Sunday, December 16, 2007

Doing Business (1.) Make Plans

This post, and some which will follow as a sort of series, is aimed at the start-up internet business owner. While it uses yarn as the product, the ideas apply to any new business venture.

The very best businesses happen because of good planning, not because of luck. Most people are not skilled at all aspects of running a successful business, but I contend that anyone can learn and acquire the basic skills of running a business, watching the competition, understanding the effect of the economy on your field. It takes good planning, a strong work ethic, a realistic approach to life, and the ability to learn from mistakes and the strength not to repeat the same mistakes. To start and run a successful internet business the owner needs to consider some basics: time, finances, future.

Time is limited because of whatever reason applies to you. Do you have a fulltime job? Are you starting a parttime venture? Are you a work-at-home-parent with sporatic blocks of time available for a business? Do you have demands on your time which involve family committments? Have you lost your job? Do you have time to make the product you want to sell and to run the business, too? Do you have time to invest in learning about the how a good business in run?

Finances are just as important as a person's will to start a new business. The best plan will fail if you cannot afford to put it into action. Start-up capital will be needed for every business. It is true that the actual costs of getting a website up and running (if you choose the route of establishing an individual website for your business) can be controlled through the use of good resources, and going only as far as your money will allow you to go. Best course: write down all costs associated with three phases of your business: Start-up costs, initial inventory and launch, how to manage costs of holding adequate inventory for at least the first two years of business.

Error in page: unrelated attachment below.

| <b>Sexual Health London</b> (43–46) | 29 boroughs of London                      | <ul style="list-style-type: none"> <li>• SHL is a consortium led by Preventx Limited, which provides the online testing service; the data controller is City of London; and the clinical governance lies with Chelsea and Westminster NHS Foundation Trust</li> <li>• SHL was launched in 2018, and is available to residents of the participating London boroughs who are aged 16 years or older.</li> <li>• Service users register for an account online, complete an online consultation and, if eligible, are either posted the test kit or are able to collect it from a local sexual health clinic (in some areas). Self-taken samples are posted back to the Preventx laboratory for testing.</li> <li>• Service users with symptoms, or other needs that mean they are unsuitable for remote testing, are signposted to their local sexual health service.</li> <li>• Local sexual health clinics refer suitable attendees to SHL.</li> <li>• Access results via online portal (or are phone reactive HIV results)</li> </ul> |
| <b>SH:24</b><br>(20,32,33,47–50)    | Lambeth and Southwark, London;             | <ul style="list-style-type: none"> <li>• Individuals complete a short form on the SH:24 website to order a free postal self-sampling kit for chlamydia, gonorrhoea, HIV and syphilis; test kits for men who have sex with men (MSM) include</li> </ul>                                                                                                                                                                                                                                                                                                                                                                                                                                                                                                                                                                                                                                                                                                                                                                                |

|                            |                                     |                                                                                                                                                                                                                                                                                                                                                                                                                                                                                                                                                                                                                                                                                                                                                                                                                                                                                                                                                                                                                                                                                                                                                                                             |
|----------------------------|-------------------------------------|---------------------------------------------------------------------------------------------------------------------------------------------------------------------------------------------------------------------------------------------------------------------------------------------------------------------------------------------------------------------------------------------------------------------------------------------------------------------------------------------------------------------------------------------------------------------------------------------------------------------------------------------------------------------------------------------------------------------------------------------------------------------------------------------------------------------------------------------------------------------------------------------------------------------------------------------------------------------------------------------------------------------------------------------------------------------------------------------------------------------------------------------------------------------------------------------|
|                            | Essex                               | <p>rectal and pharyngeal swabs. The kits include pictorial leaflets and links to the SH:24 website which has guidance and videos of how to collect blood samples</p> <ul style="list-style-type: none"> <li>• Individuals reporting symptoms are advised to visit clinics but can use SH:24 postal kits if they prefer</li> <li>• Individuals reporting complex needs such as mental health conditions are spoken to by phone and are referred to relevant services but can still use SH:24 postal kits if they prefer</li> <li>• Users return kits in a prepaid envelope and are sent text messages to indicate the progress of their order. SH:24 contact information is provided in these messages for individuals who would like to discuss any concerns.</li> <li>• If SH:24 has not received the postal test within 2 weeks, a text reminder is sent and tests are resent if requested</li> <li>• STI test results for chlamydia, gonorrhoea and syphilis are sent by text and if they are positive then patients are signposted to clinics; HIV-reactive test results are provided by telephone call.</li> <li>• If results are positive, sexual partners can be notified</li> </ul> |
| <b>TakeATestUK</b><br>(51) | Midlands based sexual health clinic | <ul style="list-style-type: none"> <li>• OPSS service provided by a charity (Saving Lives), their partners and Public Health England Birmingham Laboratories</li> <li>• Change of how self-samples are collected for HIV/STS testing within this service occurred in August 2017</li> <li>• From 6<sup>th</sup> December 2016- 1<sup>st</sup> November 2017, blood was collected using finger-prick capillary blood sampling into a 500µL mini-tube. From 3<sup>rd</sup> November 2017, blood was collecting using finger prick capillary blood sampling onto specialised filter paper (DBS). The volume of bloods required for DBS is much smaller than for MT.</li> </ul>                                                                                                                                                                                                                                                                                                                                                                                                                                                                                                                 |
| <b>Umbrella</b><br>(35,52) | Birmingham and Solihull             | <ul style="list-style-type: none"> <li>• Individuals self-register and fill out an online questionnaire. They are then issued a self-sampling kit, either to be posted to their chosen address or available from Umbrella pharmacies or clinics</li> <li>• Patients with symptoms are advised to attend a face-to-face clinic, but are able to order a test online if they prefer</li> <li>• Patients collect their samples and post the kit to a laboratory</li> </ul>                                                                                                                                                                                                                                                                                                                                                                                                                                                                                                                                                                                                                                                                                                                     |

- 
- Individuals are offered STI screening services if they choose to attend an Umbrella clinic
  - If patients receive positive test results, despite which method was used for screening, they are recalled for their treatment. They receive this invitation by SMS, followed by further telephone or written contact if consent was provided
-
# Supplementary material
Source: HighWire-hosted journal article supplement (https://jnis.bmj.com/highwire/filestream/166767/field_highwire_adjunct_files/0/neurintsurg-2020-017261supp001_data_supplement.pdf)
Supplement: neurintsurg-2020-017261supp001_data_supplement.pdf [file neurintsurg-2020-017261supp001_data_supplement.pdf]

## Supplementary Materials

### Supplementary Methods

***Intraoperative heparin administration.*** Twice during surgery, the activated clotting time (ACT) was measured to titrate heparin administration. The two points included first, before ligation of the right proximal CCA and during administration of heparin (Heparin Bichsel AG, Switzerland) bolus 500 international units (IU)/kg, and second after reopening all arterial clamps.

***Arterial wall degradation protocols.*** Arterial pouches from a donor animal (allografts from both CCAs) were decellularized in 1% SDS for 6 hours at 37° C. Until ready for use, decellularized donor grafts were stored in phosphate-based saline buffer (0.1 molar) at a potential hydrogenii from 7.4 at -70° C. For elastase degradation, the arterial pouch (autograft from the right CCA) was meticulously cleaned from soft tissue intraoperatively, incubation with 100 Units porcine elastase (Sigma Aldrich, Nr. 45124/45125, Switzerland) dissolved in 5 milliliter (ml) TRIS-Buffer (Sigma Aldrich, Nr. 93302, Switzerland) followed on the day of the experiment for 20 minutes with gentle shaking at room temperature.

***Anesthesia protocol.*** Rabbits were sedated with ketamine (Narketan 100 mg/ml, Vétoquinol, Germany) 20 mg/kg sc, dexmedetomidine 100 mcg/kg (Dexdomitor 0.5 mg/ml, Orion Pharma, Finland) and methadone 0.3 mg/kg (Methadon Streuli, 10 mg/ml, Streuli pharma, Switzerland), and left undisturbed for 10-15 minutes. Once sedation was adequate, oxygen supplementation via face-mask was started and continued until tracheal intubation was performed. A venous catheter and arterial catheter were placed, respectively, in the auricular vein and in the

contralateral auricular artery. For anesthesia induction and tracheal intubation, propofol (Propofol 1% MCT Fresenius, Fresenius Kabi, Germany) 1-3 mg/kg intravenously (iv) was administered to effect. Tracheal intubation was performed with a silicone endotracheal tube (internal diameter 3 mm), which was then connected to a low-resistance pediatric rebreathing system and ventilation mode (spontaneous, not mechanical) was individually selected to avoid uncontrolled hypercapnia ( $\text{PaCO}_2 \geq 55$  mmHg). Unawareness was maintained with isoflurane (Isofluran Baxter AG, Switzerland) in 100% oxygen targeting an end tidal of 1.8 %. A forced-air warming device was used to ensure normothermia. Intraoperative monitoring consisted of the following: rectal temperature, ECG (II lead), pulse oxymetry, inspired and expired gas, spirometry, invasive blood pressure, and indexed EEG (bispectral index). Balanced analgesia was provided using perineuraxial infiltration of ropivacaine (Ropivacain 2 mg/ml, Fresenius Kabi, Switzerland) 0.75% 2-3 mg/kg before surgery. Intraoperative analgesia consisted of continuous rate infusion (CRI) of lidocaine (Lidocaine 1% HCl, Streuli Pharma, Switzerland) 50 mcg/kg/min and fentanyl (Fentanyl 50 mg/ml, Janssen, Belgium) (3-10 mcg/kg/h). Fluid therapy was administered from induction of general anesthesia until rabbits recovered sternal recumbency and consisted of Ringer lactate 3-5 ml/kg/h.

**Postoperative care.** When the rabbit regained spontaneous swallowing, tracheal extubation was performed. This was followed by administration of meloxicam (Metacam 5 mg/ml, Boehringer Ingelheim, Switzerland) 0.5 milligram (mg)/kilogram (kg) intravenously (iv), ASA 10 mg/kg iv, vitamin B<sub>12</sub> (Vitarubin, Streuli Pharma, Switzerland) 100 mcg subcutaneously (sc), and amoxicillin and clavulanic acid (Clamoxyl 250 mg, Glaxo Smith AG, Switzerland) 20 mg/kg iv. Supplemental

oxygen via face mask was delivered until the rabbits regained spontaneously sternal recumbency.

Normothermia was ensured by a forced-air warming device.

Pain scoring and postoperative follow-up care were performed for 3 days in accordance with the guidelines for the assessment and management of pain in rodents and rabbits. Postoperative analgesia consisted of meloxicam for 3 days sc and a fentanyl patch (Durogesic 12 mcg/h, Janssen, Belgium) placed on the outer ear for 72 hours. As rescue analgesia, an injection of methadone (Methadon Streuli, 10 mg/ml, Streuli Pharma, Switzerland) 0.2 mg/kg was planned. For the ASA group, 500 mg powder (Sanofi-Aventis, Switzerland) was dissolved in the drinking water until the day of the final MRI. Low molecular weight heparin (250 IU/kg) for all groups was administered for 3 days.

Future: I often think of a terrific TV ad which featured a happy group of entrepreneurs who were launching their first internet business. They gathered around the screen to watch the hits, and then the orders as a ticker slowly turned over. As the order ticker started to spin faster and faster, their reactions went from joy and pride to wonder to dismay! That ad says it all. How will you finance the demand of product if your venture takes off? How will you keep family finances secure and still grow you business? Basically, a good rule of thumb given by the SBA is not to put your home in financial jeopardy or use up the equity to finance a new busness. Savings and personal credit are probably the two best financial resources for the startup business. Banks are not in the business of financing startups, and there are no grants for the first time, start up. At the beginning is the time to examine all aspects of committing to this big step. Imagine how your life will change if and when the business takes off. Will you run it out of your home? Rent a warehouse? Move? Hire family members, or outsiders? Are you willing to give up control of the business to employees? Will you expand or contract business activities to maintain a desired lifestyle? Will you be willing to quit your job?

Write down every idea about time, finances, and future growth which occurs to you. Keep notes and as they grow, divide them into folders (physical or on a word processing program). Whatever you do, keep notes of this planning stage. Some ideas will be the basis of a brilliant marketing strategy down the road. Some will be unrealistic but you will learn if you can spot the reason why some ideas just won't work and others attack your needs. It will help you as you begin to develop a budget and make plans to launch your new venture.

I firmly believe that entrepreneurs can improve the quality of their lives by putting their dreams to work. In fact, I often say that the purpose of my businesses, over the years, has been to improve the quality of my life.

No comments: